Many individuals have relatives who are not citizens of the United States.  From time-to-time those relatives choose to come to the United States.  As a result, those relatives become citizens of the United States either by spending enough time in the United States or by obtaining a green card.

Once an individual becomes a resident of the United States that individual becomes subject to United States tax law.  United States tax law may differ significantly from foreign tax law.

For example, many countries allow the tax deferred accumulation of income in pension plans.  Many countries also do not tax employer contributions to a pension plan.  Employee contributions may also be deductible.

The United States does the same but only for United States pension plans.  The same rule may not apply for foreign pension plans.  One exception is if there are special provisions in a tax treaty or in the tax law.  Canada and the United Kingdom are two examples of such exceptions.

Therefore, a foreign individual who comes to the United States may have to pay tax on earnings in, and contributions to, a foreign pension plan.  It may be possible, with planning, to avoid this harsh result.  It may be possible to move a pension plan with a multinational corporation to a US plan.  Alternatively, it may be possible to move the pension plan to country which has a favorable tax treaty with the United States.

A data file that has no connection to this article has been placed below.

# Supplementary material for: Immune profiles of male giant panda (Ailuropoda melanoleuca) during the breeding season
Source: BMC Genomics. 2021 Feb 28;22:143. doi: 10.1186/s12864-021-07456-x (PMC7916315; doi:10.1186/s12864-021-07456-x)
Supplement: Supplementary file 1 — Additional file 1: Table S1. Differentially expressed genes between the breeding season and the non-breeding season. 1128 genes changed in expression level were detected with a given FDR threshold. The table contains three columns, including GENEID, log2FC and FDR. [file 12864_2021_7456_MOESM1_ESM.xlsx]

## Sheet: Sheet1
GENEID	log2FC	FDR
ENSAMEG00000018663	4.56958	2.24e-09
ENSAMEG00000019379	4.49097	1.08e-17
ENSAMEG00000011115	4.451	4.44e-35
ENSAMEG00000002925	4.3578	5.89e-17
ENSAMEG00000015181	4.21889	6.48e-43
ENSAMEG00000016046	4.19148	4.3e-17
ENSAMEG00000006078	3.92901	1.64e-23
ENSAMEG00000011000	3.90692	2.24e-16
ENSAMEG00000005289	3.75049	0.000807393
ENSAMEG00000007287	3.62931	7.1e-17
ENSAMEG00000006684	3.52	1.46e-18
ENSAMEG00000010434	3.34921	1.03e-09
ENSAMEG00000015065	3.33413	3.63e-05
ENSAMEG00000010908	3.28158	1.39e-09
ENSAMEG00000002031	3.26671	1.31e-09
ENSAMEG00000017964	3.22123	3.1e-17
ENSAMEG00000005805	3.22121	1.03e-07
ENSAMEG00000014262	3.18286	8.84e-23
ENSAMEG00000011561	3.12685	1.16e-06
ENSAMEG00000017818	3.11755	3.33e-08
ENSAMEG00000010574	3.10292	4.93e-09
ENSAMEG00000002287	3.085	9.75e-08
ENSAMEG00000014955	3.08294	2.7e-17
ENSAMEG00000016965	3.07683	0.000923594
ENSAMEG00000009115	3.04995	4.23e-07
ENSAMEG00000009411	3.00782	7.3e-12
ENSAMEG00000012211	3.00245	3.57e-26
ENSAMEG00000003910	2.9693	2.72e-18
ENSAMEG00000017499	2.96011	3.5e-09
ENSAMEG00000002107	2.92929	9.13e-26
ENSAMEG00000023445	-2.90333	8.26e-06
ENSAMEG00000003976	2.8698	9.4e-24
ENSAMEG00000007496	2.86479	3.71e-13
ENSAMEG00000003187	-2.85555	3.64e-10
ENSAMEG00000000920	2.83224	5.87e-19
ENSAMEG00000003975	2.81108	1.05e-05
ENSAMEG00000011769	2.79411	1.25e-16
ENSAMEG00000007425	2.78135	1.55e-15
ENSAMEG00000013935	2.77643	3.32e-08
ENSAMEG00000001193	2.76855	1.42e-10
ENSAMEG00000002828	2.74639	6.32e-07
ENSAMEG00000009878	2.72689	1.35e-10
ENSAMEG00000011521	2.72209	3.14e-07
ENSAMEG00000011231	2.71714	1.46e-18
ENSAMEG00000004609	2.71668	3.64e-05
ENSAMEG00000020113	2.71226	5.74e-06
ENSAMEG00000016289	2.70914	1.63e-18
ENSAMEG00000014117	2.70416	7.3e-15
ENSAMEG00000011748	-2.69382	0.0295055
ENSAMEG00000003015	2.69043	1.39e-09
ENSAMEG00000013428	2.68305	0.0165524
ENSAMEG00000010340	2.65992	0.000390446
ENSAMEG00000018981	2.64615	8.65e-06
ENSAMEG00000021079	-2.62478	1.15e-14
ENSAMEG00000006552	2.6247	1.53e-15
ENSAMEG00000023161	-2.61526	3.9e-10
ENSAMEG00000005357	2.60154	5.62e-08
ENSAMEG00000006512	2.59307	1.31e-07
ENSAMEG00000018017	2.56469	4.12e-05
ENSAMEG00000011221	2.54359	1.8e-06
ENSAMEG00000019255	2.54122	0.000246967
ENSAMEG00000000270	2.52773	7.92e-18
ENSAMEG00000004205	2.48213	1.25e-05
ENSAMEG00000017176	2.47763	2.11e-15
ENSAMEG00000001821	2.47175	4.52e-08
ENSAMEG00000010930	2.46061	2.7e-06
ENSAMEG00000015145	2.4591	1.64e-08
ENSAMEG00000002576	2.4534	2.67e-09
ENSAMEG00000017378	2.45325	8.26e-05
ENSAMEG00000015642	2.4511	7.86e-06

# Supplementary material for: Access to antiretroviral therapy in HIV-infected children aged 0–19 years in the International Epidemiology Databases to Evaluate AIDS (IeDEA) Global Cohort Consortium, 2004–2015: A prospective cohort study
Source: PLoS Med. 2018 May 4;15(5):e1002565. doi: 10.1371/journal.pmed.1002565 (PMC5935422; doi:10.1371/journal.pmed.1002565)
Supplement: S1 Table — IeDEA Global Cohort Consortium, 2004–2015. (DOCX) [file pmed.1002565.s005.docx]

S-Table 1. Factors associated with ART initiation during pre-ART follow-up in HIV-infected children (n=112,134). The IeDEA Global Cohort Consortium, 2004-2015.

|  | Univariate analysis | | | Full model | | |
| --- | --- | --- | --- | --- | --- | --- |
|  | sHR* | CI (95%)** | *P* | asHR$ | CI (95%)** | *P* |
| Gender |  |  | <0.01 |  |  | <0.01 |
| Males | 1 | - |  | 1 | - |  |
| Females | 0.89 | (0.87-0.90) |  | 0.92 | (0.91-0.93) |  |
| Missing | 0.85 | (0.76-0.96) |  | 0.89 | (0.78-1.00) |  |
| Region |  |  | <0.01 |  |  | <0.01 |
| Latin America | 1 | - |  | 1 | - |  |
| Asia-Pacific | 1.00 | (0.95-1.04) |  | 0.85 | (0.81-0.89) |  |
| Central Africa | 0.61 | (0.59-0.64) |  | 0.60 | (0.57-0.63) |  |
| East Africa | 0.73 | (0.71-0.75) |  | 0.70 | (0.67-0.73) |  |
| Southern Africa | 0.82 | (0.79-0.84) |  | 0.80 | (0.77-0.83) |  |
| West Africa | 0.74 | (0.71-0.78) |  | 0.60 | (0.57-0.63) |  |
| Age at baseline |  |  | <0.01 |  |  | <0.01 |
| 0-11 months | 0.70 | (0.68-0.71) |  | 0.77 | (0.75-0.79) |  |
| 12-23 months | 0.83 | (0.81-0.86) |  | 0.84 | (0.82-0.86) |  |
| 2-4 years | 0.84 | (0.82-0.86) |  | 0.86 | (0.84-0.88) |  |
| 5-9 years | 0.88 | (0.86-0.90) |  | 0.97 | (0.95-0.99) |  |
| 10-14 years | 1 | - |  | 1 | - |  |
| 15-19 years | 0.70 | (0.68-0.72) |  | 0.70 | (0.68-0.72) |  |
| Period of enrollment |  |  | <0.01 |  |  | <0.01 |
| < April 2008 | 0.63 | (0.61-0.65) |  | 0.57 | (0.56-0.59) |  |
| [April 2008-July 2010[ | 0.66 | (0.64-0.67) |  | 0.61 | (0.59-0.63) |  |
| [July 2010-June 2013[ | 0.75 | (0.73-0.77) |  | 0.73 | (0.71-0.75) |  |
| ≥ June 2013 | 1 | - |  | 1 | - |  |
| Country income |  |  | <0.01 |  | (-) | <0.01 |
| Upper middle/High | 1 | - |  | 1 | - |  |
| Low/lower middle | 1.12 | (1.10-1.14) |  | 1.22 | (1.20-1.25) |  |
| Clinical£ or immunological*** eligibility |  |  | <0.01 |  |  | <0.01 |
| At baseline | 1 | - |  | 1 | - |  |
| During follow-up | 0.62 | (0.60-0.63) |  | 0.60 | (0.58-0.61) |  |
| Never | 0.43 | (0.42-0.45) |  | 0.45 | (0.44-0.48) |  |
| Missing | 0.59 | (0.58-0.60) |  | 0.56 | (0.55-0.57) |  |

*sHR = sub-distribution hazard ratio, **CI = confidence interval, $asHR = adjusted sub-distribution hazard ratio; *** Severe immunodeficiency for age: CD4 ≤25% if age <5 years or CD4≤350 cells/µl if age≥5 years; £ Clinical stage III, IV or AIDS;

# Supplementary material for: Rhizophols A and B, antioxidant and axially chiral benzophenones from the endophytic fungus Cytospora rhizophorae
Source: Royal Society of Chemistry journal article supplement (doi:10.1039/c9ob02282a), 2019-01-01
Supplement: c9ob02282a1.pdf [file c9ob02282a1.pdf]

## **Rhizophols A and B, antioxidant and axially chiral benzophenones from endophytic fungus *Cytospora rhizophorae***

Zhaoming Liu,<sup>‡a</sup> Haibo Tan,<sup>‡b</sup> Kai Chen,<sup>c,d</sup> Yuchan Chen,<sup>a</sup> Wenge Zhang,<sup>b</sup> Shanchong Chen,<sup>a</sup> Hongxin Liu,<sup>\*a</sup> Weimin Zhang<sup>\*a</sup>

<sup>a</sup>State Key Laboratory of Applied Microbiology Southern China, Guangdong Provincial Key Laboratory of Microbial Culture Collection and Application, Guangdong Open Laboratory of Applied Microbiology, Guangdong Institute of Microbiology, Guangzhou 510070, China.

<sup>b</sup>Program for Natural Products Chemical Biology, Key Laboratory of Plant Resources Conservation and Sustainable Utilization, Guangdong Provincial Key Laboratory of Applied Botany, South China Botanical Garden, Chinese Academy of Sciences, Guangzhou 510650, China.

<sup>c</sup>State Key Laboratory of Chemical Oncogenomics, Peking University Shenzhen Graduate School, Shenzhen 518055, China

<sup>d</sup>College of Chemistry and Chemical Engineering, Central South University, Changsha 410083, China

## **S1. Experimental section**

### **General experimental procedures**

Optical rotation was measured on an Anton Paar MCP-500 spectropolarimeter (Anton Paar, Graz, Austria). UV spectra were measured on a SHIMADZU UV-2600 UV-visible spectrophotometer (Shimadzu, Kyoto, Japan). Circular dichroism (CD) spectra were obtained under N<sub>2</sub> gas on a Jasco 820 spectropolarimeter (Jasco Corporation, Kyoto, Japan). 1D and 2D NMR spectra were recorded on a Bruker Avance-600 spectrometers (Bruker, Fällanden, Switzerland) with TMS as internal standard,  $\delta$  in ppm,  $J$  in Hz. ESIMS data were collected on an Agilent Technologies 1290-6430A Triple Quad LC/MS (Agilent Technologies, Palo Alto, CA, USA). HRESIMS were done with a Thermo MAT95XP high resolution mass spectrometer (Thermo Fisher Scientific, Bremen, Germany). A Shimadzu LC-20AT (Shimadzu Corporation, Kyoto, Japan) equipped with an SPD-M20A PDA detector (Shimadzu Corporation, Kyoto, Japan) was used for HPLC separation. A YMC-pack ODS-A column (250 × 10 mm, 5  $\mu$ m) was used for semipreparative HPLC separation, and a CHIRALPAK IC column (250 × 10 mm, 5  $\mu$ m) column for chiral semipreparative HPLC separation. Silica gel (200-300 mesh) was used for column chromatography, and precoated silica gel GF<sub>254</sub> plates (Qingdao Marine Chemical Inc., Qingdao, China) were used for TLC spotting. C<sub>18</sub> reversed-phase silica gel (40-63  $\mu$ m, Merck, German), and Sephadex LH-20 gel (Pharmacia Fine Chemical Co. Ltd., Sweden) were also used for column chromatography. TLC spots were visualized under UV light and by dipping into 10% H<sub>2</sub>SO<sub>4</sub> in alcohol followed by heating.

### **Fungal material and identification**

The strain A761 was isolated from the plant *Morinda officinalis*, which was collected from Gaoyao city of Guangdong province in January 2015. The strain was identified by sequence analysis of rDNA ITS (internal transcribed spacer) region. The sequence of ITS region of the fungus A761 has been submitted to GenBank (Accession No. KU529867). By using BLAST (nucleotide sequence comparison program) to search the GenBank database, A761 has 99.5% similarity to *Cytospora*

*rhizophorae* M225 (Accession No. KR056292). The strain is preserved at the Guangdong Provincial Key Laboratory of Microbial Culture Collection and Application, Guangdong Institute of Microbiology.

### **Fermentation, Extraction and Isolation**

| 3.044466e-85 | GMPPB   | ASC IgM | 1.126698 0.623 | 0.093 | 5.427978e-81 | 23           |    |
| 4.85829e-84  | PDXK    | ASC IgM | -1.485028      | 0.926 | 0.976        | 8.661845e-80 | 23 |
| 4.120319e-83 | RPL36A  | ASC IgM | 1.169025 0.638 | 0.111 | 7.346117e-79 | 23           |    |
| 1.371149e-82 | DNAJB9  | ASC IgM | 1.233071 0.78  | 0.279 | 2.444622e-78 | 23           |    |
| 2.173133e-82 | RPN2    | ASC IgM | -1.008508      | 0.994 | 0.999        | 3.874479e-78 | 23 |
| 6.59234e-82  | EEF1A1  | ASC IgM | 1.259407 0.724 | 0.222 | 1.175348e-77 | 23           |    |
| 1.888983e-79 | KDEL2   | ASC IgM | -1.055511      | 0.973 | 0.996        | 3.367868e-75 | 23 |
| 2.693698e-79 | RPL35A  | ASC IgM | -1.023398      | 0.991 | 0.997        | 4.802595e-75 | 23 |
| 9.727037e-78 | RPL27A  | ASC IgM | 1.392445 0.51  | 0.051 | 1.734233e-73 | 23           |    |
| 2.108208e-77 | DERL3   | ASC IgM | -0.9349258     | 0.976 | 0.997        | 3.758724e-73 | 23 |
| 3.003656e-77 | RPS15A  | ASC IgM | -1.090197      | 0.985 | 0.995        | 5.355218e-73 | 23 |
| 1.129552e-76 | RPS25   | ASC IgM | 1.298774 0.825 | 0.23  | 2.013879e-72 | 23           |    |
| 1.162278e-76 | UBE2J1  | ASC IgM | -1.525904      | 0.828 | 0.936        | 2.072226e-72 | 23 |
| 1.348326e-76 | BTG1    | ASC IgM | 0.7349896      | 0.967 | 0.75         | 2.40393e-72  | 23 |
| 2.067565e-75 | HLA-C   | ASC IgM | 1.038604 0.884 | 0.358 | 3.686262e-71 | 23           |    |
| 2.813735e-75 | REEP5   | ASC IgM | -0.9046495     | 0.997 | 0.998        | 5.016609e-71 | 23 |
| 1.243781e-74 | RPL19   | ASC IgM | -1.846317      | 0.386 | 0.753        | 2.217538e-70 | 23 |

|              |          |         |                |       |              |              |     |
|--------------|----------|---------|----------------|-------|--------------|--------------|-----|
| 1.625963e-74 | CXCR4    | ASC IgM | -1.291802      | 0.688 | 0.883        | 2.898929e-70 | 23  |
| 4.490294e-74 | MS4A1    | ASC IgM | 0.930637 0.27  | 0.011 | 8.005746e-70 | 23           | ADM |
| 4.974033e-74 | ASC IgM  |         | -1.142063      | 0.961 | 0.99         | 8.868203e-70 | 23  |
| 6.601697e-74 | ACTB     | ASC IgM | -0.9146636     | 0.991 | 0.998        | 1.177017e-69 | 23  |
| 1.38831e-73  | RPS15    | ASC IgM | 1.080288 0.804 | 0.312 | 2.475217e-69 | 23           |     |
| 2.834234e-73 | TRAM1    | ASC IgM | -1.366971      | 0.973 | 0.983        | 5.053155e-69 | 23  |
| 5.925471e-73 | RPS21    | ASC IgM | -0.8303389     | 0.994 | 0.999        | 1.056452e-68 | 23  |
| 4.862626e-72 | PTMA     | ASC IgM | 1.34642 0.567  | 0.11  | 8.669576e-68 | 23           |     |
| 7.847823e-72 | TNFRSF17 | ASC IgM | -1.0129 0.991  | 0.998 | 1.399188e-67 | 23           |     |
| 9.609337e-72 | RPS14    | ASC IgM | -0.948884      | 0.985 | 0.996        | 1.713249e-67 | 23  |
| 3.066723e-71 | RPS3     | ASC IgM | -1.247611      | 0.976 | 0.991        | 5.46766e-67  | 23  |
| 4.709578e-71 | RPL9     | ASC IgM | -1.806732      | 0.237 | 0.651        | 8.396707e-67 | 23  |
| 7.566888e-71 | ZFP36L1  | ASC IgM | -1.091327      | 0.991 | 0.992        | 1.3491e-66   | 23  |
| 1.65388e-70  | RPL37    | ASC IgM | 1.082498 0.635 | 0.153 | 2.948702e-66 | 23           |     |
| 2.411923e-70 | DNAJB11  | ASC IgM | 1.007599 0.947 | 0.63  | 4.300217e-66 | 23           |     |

Another example is in the taxation of mutual funds.  Many United States citizens have invested in mutual funds.  They know that the mutual funds are required to make distributions of earnings and gains during the year.  The mutual fund owners have to report those distributions as income.  Often, those distributions are then reinvested in the fund, thereby increasing the owner’s basis.

Foreign mutual funds may not be subject to the same rules.  Foreign mutual funds may not be required to make distributions and may simply reinvest earnings without making distributions to owners. 

The United States government is not in favor of this type of arrangement.  To discourage this, the United States government has set up a Passive Foreign Investment Company (PFIC) regime.  Under this regime, owners of foreign mutual funds have extra reporting and tax requirements.  

If taxpayers make a certain election, they can report earnings as if the mutual fund followed United States tax rules.  The taxpayers then avoid some of the harsh results of the PFIC regime.

However, the mutual fund must provide the necessary information as to income and distributions.  Some mutual funds, especially with many investors who file United States tax returns, will do this as a courtesy.  Others may not.

To avoid, or minimize, these reporting requirements, an individual who owns foreign mutual funds, can adjust his/her portfolio before coming to the United States.  All funds can be sold, and other investments selected.

Alternatively, mutual funds can be sold and funds that provide PFIC information can be purchased.

These are just two examples of the effects of United States tax law.  They illustrate how necessary and beneficial it can be to do pre-immigration planning.

If you have any questions, please reach out to the SobelCo tax professionals for more information.

About the Author

Jim Lynch is the Tax Director at SobelCo who is charged with preparing many of the firm's more complex personal, partnership, corporation, estate, fiduciary and returns with international components. In addition, he is significantly involved in research and planning, particularly in the partnership, estate and international tax area. ...